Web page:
US citizens enjoy a broad range of civil liberties and have recourse to a strong system of independent federal and state courts, but serious human rights concerns remain, particularly in criminal justice, immigration, and counterterrorism law and policy. The Obama administration has said it will address many of these concerns but, at this writing nearly one year into Barack Obama's presidency, it had taken few concrete steps.
Domestically, 2009 saw an increase in executions and continued growth in the US incarcerated population, already the world's largest. Black men and members of other racial and ethnic minorities make up a disproportionate share of that population.
Other longstanding problems include the sentencing of individuals to life imprisonment without parole for crimes committed as children (the US is the only country in the world to do so), the use of corporal punishment in schools, inadequate protections for child laborers and pregnant women, inadequate responses to rape and domestic violence, and violations of the rights of non-citizens.
In a positive development, President Obama signaled his intention to break with the Bush administration's abusive counterterrorism policies. On his second full day in office, Obama issued executive orders to close the CIA's secret prisons, ban torture and other mistreatment, and set a one-year deadline for closing the military prison at Guantanamo Bay. After that promising start, his administration backtracked on counterterrorism, taking a number of disturbing decisions relating to detention policy, trials, and government secrecy.
As of November 2009 there had been 45 executions in the United States in 2009, up from 37 in all of 2008. In March 2009 New Mexico abolished capital punishment, bringing to 15 the number of US states that do not impose the death penalty.
Between January and November 2009, nine prisoners were exonerated and released from death row, bringing to 139 the number of death-sentenced prisoners released since 1973 due to evidence of their innocence.
Ohio's September 2009 attempt to execute Romell Broom by lethal injection failed after executioners tried unsuccessfully for more than two hours to locate a suitable vein, with Broom reportedly grimacing and crying as executioners stuck him with the execution needle at least 18 times. The botched execution attempt led Ohio's governor to impose a moratorium on executions pending review of the state's lethal injection protocol.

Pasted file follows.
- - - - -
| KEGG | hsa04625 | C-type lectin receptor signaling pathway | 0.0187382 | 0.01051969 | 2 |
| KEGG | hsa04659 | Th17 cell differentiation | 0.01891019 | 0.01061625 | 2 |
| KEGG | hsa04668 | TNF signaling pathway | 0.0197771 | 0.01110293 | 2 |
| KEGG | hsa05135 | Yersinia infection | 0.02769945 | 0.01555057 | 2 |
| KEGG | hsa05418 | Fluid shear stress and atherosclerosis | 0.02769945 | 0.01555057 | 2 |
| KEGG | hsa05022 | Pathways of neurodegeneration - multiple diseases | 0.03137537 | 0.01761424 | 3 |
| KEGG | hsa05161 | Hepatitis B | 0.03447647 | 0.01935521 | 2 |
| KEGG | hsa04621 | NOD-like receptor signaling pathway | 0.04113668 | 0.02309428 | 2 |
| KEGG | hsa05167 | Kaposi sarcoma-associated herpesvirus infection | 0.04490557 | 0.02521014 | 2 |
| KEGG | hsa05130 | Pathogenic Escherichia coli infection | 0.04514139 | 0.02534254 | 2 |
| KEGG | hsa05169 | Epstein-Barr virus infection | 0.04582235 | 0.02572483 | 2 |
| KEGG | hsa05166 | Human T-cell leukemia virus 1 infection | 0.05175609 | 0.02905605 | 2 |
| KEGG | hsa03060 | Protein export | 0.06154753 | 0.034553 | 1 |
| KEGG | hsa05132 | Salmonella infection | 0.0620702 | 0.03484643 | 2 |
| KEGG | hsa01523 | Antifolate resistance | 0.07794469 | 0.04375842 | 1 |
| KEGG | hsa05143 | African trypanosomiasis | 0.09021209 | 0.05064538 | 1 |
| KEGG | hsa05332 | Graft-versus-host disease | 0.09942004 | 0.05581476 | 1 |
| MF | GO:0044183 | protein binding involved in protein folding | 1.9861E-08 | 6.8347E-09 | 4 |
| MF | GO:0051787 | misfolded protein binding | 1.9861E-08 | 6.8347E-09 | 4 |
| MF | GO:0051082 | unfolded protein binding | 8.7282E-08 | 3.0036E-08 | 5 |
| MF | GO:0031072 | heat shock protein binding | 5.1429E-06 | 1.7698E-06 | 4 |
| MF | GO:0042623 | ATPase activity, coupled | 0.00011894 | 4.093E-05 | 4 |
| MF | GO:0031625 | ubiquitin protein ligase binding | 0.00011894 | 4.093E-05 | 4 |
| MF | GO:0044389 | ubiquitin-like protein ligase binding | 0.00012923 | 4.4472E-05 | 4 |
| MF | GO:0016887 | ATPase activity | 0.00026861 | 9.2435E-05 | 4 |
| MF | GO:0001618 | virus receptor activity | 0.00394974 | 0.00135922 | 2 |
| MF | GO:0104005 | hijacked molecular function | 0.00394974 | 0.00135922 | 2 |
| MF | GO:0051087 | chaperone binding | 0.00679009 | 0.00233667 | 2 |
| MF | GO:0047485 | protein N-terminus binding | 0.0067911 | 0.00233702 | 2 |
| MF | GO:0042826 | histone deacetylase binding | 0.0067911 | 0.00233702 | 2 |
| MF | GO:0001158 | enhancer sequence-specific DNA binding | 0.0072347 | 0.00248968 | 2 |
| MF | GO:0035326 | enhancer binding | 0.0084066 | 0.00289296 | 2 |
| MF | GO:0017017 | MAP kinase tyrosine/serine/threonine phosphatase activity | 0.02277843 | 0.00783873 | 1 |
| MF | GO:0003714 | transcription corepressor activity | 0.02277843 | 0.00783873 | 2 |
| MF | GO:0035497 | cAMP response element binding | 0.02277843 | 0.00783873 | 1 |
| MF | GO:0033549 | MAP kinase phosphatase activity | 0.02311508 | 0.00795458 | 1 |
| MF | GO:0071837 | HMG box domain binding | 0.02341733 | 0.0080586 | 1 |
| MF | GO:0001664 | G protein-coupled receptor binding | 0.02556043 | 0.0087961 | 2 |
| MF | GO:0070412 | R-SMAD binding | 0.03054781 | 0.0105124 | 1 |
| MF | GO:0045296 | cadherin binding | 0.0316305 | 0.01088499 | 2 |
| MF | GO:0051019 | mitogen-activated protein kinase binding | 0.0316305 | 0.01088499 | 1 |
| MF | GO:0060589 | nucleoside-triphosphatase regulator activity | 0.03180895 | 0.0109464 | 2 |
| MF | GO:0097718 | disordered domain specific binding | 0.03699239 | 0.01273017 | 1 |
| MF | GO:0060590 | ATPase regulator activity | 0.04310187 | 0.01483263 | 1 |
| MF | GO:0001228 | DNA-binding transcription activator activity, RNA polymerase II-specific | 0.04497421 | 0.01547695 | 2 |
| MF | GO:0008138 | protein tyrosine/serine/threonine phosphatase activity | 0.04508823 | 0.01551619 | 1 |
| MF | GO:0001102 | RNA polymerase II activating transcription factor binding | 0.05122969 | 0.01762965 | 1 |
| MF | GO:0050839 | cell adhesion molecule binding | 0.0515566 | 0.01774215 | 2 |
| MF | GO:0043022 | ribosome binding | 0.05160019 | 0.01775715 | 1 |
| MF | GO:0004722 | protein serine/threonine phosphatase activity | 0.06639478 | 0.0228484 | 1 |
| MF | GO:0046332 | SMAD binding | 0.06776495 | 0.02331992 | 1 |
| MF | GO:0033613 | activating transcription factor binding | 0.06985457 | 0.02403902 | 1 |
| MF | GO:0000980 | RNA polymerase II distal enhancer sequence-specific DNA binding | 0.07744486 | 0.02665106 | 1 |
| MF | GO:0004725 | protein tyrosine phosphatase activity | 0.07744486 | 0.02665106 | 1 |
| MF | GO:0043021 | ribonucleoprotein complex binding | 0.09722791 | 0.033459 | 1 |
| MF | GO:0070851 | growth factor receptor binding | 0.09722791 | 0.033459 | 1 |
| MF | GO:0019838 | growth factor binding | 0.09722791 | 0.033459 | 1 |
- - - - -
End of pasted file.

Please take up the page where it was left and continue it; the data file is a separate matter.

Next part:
Juvenile Life without Parole
In May 2009 Human Rights Watch revised upward to 2,574 its estimate of the number of US prisoners serving sentences of life without the possibility of parole for crimes committed when they were under age 18. There are no persons known to be serving life without parole sentences for crimes committed as children anywhere else in the world.
At year's end, legislation was pending to end juvenile life without parole in the US Congress and in the legislatures of Alabama, California, Florida, Iowa, Michigan, Missouri, Nebraska, and Pennsylvania. In November the US Supreme Court heard two cases challenging the constitutionality of sentencing juveniles to life without parole for non-homicide crimes.
A March 2009 report by the US Justice Department's Bureau of Justice Statistics found that the incarcerated population had reached an all-time high of nearly 2.4 million. The United States continues to have both the largest incarcerated population and the highest incarceration rate in the world.
In many states prison crowding has led to serious threats to prisoner health and safety. The California prison system, with nearly 160,000 prisoners, is operating at almost double its intended capacity; some facilities have populations approaching 300 percent of their intended capacity. In August 2009 after finding that this crowding results in unconstitutionally deficient medical and mental health care for prisoners, a panel of federal judges ordered the state to devise a plan to reduce its prison population by approximately 40,000 within two years.
The burden of incarceration continues to fall disproportionately on members of racial and ethnic minorities. Black men are incarcerated at 6.6 times the rate of white men, and more than 10 percent of all black men ages 25 to 39 are behind bars on any given day. Human Rights Watch's March 2009 report Decades of Disparity: Drug Arrests and Race in the United States found that in every year from 1980 to 2007, blacks were arrested on drug charges at rates that were 2.8 to 5.5 times higher than white arrest rates, despite the fact that blacks and whites engaged in illegal drug behavior at similar rates.
Incarcerated pregnant women saw increasing, but still insufficient, recognition of their rights. The number of states restricting the shackling of pregnant prisoners grew from three to six, and a federal appeals court ruled that shackling women during labor and childbirth violates the US Constitution. The Federal Bureau of Prisons and the US Marshals Service limited this practice in 2008; US Immigration and Customs Enforcement (ICE) still lacks sufficient restrictions.